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Reevaluating the Worth of 3-D in Film

So I absolutely detest 3-D in movies. Really, I do. I’ve cursed James Cameron’s very existence ever since Avatar heralded the single most horrific onslaught of gimmick-infested marketing Hollywood has ever managed to produce. I knew cinema was headed into a dark place when it took Screen Gems exactly 11 seconds to spew out a trailer for Resident Evil: Afterlife in 3-D in the wake of Avatar’s financial success. Just about every summer blockbuster since then attempted to induce 3-D related migraines in audiences all over the world, hoping to capitalize on a trend that quickly crossed over from the silver screen and into local Best Buys where sales associates tried their damnedest to get buyers to drop over two-grand on a television set that could only be watched for fifteen minutes at a time lest the viewer spontaneously acquire some form of a neurological disorder. Hell, even Nintendo tried to score with the 3DS handheld system, and that had to come with its own warning labels. Honestly, do you know anyone who bothers to play with the 3-D settings turned on anymore?

I could probably write a dissertation about the marketing behind this decade’s 3-D trend and how it has brought us a step closer to killing cinema all together, but that’s only a part of the reason why I hate it. My beef with the technology stems more from the cheap and lazy conversions than with the overall trend itself. Just about everyone knows of the two kinds of 3-D films: there’s the Avatar kind, in which stereoscopic cameras are used to film the scenes directly, creating crisp and highly immersive images… and then there’s what I like to affectionately call Dollar Store 3-D, in which 2-D film is digitally converted into 3-D format. More often than not the conversion results in a loss of quality when the process is rushed. You may have already experienced films where the background was really blurry, or have had to sit through nauseating effects with fast and erratic motion.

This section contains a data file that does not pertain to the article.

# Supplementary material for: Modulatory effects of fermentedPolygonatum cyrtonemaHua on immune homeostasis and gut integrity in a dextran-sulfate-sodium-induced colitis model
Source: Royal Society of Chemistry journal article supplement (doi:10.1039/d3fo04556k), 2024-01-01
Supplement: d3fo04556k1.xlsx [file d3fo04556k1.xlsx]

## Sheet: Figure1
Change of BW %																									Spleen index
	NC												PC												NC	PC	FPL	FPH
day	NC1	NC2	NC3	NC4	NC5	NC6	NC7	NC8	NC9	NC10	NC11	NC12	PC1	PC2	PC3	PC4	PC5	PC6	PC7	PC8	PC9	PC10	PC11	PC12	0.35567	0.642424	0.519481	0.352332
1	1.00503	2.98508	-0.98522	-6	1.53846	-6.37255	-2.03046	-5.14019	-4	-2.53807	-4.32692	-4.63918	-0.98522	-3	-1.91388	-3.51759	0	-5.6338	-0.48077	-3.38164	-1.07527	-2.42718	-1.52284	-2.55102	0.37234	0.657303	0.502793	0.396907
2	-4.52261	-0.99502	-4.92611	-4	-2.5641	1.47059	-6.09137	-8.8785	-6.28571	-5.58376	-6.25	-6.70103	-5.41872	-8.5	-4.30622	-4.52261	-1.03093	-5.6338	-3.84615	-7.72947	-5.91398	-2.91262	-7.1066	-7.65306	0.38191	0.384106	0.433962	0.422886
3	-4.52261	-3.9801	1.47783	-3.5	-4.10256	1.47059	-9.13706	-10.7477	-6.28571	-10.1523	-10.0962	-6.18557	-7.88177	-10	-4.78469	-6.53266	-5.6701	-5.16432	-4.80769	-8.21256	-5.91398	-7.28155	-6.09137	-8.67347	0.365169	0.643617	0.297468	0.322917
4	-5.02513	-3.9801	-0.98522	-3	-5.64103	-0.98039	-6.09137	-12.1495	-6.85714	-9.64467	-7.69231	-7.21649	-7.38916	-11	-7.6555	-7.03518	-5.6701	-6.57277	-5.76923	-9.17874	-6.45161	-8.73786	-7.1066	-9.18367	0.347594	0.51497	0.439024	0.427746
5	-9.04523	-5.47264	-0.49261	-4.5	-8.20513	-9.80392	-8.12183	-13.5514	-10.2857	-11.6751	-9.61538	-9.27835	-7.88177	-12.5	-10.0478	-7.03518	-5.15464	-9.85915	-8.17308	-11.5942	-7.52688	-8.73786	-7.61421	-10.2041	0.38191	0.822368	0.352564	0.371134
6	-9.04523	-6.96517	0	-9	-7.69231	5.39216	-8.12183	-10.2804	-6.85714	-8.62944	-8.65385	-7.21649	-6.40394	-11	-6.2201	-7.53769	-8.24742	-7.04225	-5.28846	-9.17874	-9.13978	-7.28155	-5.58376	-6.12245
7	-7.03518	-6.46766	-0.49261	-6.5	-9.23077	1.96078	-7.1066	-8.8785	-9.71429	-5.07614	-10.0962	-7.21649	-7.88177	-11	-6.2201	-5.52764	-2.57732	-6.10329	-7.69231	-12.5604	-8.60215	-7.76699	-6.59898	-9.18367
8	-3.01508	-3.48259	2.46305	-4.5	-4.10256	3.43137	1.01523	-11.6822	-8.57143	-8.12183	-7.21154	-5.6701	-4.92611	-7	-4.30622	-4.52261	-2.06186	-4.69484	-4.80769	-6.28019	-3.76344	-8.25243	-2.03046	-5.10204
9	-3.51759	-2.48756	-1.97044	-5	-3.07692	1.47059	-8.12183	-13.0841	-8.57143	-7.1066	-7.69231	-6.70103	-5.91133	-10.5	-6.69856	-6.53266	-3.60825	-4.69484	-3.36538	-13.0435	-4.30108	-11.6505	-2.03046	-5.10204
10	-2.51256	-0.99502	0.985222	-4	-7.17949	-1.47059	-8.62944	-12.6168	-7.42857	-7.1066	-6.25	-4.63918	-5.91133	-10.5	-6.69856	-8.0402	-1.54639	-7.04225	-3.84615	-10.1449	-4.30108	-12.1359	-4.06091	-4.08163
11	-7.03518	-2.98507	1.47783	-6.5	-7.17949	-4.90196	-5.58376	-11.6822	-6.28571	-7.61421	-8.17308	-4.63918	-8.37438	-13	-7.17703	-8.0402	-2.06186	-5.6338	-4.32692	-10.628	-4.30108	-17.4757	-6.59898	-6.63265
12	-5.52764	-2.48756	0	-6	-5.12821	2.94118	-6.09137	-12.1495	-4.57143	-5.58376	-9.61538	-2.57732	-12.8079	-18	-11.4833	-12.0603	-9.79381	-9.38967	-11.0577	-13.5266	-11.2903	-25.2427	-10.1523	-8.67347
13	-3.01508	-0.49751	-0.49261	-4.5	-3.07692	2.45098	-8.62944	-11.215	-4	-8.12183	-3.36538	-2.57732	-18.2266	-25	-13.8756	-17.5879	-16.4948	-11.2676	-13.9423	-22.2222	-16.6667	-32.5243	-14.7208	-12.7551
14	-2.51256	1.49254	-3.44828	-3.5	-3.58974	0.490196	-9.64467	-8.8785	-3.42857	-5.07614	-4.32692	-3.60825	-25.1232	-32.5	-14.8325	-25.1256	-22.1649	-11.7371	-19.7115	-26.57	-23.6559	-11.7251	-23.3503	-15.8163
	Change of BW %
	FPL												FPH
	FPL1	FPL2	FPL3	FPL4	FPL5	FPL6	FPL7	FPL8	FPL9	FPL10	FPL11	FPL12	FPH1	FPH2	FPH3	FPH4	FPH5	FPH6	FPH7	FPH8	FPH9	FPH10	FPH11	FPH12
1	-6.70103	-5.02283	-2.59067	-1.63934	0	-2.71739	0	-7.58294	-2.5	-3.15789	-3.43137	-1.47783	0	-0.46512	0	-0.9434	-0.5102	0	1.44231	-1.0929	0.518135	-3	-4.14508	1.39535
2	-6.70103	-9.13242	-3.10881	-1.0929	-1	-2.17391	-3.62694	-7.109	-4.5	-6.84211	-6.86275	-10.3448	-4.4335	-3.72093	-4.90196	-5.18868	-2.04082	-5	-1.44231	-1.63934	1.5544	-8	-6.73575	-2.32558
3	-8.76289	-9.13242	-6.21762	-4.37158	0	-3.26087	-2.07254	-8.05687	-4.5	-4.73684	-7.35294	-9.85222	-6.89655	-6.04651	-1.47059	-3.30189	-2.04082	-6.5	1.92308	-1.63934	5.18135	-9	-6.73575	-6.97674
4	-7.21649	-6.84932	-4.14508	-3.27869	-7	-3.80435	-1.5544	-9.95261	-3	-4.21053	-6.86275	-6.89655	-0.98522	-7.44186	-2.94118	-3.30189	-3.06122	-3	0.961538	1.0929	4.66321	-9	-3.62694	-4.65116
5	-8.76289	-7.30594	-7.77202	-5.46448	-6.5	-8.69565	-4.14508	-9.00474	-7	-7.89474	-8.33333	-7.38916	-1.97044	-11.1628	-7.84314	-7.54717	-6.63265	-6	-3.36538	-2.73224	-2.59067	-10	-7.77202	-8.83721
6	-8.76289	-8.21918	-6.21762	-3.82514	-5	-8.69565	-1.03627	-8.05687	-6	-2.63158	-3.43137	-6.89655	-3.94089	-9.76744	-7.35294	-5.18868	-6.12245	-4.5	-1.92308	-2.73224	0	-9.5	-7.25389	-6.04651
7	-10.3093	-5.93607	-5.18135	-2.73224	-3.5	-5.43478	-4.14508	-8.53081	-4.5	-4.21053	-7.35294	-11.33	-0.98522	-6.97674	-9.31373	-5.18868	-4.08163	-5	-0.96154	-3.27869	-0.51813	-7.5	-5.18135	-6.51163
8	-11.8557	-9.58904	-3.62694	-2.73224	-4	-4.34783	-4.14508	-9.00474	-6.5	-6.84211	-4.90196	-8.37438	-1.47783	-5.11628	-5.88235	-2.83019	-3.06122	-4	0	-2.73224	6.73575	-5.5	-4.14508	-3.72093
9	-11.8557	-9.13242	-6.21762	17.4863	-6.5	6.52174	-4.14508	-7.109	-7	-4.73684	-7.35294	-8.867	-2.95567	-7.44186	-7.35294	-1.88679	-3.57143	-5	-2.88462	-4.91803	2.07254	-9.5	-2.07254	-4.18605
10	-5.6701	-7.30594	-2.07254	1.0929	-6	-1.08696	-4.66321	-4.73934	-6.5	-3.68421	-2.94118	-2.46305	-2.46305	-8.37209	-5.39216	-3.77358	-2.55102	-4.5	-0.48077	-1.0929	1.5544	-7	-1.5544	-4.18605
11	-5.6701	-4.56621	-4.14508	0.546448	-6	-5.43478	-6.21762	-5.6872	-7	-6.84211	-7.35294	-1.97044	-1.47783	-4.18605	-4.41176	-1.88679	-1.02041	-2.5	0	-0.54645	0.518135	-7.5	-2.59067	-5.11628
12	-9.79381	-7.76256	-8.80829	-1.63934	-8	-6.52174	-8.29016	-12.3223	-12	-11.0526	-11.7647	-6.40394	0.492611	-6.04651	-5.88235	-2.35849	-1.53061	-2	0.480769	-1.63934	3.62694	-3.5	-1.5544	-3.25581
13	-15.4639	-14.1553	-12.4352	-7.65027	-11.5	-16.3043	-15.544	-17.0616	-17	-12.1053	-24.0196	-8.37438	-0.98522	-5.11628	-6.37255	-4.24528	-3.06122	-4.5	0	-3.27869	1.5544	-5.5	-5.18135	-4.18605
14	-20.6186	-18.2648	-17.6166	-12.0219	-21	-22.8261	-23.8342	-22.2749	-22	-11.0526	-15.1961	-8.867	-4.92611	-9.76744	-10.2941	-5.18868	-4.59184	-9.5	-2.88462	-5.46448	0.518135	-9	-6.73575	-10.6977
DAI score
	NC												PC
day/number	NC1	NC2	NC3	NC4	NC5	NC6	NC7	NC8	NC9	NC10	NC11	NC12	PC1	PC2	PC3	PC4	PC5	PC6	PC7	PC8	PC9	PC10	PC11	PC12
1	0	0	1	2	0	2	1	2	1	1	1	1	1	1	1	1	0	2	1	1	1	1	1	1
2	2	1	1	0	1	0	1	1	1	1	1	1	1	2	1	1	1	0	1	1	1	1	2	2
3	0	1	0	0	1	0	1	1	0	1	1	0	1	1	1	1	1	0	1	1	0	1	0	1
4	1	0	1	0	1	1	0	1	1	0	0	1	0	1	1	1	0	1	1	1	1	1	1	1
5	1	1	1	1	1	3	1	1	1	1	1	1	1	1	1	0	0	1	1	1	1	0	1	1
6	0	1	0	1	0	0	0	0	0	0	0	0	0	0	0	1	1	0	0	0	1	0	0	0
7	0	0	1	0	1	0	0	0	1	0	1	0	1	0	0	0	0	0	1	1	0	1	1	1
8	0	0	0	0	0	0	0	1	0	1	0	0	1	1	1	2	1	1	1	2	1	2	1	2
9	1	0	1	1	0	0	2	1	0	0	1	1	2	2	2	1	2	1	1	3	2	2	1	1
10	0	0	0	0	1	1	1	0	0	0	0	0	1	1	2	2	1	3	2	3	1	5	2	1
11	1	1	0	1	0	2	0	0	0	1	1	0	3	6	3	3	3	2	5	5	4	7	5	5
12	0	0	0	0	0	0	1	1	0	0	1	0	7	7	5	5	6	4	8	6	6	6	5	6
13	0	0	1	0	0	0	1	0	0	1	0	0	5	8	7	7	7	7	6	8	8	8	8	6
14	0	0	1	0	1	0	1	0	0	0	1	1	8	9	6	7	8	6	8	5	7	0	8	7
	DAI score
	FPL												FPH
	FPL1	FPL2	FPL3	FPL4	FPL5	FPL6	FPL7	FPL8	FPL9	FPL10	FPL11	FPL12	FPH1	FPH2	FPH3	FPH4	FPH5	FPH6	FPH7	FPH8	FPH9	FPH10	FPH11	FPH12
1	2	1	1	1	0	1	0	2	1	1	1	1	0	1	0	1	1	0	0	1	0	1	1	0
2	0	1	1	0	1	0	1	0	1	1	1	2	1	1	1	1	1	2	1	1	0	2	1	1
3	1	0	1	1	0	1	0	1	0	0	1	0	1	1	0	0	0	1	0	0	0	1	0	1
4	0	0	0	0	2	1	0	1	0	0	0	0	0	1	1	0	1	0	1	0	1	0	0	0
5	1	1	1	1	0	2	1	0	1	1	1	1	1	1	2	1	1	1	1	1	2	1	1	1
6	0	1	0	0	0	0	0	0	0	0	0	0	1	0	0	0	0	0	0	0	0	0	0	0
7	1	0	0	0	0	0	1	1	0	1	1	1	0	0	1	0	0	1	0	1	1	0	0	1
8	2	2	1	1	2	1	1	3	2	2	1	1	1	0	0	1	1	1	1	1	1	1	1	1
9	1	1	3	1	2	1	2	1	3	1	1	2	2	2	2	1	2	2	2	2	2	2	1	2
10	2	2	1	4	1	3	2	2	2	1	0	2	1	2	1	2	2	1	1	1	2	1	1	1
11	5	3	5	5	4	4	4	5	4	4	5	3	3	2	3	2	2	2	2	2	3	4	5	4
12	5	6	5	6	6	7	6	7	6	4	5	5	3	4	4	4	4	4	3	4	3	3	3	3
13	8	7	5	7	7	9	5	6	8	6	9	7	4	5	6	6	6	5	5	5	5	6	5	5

The first film I ever saw with a shoddy conversion was Marvel Studios’ Thor. While it wasn’t exactly the cheapest Marvel could have managed, it was still pretty unbearable. Something about the way the camera pan-zoomed across that first shot of Asgard while forcing my eyes to focus on numerous buildings that were somehow flat and 3-dimensional at the same time made me never want to endure 3-D ever again.

Actually, it was with a little motion picture called Pacific Rim.

Before Guillermo Del Toro’s latest, I’d managed to avoid most 3-D releases save for some notable exceptions which I found the visual effect to be tolerable. Both The Avengers and The Hobbit were among them, but I could still do without the 3-D. The effect didn’t change the viewing experience for me one way or the other. Like any fiscally-minded movie-goer might conclude, I never felt 3-D was worth the extra investment at the box office.

Property of Warner Bros. Pictures

However, Pacific Rim is the first movie in which I would insist anyone interested in seeing it to absolutely spend the extra money to watch the 3-D show. I saw it in both 3-D and 2-D, and I have to admit that the 2-D is just not the same experience. Pacific Rim was immersive on a level I’d never seen in film before. There were scenes that were so visceral in their execution that I could actually feel the fear young Mako exuded as she ran for her life through an ash-strewn Tokyo. A lot of 3-D films simply aim to have something pop out of the screen at you, but in Pacific Rim you can tell that Del Toro meticulously planned each scene to have an intended reaction from the audience based on what was visually presented. I literally felt as if I were standing in the water with the Jaegers when the camera was expertly positioned as though it were floating on the surface. This was a film where the 3-D was actually essential to the story telling, a device I never expected Hollywood to execute in my wildest dreams.

Has this changed my almost universal taste for 3-D? Well, I can say for certain that there’s a lot to appreciate when you have a director who aims to innovate with the technology rather than to simply use it as a tool for cheap thrills and gimmicks. Here’s hoping that more filmmakers take a page from Mr. Del Toro’s techniques. I’d get on board with 3D forever if this is how it’s going to be done from now on.

Actually, on that note, can we just get Guillermo del Toro to direct all the movies?

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